Article Title

Overcoming Gridlock: Campbell After a Quarter-Century and Bureaucratically Rational Gap-Filling in Mass Justice Adjudication in the Social Security Administration's Disability Programs





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The Social Security Administration’s (SSA’s) disability benefit programs utilize the largest adjudicative system in the western world. Yale Law Professor Jerry Mashaw’s two comprehensive studies of the SSA’s processes yielded a theory of bureaucratic rationality to advance accuracy, consistency, and baseline fairness through hierarchical adherence to centrally-formulated rules in “mass justice” SSA adjudication. SSA adopted its “grid” regulations in furtherance of Mashaw’s thesis to systematize the process of determining disability claimants’ abilities to adjust to other work. In 1983, the Supreme Court sustained SSA’s grid in Heckler v. Campbell, an opinion administrative law scholars identify as one of the most influential in administrative law. While elucidating the principles supporting agencies’ authority to resolve some factual issues in advance of case-by-case adjudication through rulemaking and rigid decisional rules, notwithstanding the statutory requirement of individualized decisionmaking, the Campbell Court relied in part on the presence of gaps in the grid—exceptions requiring more flexible and individualized adjudicative treatment. This includes a common exception for claimants with non-exertional limitations.

However, SSA’s ad hoc, adjudicative methodology where grid exceptions are present has undermined the consistency and bureaucratic rationality the grid system was intended to ensure, sanctioned discriminatory and disadvantaged treatment of claimants with non-exertional impairments and limitations, and deeply divided the circuits. Courts and agency adjudicators differ within and among themselves on such fundamental questions as: (1) What is the proper methodology for using the grid’s administratively-noticed occupational and job bases as a framework or guide on work adjustment questions in grid exception cases and whether such methodology is applicable when additional vocational or labor market evidence is procured?; and (2) Under what circumstances may adjudicators deny a claim without additional vocational or labor market evidence by presuming or taking administrative notice of the lack of sufficient diminution or erosion of the grid’s job bases due to the presence of considerations not factored into the grid’s promulgation, such as non-exertional limitations?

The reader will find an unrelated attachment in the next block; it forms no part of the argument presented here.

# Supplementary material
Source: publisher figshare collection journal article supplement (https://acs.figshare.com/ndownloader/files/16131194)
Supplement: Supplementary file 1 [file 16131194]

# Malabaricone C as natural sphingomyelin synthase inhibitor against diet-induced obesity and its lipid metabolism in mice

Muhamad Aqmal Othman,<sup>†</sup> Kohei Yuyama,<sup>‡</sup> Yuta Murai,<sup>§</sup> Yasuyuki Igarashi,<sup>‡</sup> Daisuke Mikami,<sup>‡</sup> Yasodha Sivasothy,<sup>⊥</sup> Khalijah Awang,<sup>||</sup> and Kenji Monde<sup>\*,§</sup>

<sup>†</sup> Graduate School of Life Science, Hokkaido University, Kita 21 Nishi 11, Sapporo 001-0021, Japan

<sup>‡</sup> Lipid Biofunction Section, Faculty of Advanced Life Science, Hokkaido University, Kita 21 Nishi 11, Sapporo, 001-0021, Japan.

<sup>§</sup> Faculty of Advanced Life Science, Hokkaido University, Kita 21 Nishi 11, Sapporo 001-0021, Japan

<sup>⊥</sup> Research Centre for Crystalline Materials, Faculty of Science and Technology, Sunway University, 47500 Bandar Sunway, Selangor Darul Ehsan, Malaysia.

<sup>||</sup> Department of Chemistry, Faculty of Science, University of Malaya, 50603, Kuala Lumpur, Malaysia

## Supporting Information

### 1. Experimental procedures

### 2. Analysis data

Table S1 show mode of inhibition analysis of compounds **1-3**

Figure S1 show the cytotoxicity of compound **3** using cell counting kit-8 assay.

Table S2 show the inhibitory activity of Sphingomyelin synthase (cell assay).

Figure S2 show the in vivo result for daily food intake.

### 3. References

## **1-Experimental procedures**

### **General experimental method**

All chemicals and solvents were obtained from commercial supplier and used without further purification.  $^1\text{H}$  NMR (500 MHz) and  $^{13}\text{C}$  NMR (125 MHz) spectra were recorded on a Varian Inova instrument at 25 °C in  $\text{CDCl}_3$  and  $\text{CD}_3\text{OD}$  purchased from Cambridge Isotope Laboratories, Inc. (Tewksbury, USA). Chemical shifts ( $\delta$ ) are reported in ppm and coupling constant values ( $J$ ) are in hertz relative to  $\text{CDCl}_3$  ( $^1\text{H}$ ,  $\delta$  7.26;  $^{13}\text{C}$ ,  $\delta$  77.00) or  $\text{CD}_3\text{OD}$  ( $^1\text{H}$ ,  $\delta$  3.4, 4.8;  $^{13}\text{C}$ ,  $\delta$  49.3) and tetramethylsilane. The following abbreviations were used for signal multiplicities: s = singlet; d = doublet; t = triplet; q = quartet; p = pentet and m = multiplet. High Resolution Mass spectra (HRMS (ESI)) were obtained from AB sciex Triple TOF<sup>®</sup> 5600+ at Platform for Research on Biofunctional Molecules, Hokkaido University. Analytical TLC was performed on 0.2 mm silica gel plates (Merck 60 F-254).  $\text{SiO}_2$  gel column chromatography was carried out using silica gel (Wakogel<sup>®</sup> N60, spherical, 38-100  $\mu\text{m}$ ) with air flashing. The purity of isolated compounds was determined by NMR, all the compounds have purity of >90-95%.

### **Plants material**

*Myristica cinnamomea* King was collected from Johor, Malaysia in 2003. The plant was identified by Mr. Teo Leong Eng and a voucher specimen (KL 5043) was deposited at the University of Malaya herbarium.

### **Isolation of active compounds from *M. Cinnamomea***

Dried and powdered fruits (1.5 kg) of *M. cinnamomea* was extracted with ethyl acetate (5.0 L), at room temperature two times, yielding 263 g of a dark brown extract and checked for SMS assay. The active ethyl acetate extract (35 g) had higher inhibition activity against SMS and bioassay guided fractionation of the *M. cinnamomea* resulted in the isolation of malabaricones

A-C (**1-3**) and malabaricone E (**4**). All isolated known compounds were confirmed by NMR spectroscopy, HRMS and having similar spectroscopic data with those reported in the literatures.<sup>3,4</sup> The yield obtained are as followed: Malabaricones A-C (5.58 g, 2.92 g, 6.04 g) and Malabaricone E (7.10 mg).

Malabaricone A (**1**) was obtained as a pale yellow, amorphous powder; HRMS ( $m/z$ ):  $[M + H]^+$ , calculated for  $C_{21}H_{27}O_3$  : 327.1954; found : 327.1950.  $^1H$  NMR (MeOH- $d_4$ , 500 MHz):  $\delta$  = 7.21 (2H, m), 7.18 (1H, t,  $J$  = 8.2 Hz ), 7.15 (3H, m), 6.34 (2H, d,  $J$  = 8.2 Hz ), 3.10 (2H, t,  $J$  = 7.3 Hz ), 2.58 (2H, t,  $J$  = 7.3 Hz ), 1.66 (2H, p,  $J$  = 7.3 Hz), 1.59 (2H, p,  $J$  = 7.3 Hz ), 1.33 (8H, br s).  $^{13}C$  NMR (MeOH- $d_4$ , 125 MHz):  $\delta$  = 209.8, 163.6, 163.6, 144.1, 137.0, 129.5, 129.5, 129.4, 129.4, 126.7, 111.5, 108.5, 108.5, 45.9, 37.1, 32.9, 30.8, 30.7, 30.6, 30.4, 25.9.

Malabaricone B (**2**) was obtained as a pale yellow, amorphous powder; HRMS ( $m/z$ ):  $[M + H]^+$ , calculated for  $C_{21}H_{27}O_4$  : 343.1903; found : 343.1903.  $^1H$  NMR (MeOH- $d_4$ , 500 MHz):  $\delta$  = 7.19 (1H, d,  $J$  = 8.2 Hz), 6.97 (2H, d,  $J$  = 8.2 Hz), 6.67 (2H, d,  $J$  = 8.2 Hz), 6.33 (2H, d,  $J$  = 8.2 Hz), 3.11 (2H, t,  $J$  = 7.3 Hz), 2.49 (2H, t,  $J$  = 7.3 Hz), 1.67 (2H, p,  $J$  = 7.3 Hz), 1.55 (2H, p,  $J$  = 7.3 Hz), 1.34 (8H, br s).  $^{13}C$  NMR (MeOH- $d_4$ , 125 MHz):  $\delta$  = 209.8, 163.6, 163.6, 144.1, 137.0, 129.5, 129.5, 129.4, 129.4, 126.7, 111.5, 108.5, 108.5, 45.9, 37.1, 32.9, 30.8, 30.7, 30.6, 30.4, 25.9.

This Article develops approaches for resolving both of these major grid “gap” issues. First, it argues that courts should compel SSA to utilize interpretive guidance on the proper use of the grid’s adjudicative framework in work adjustment assessments. This entails interpreting that guidance to mandate use of the grid’s occupational and job base numbers—not ad hoc, adjudicative gestalt—as the proper measure of the “significant” quantum of performable jobs below which a claimant is deemed unable to make a sufficient work adjustment in grid exception cases. This would ensure greater fairness, consistency, and nondiscriminatory treatment of similarly situated claimants and give proper effect to statutory vocational factors.

Second, this Article advocates that the Supreme Court compel compliance with settled administrative notice doctrine to ensure procedural fairness and prevent standardless intuitive decisionmaking. At a minimum, this would require constraining adjudicators from taking unrebuttable administrative notice that the grid’s job bases have not been significantly eroded by the presence of non-trivial, non-exertional limitations in making work adjustment assessments.

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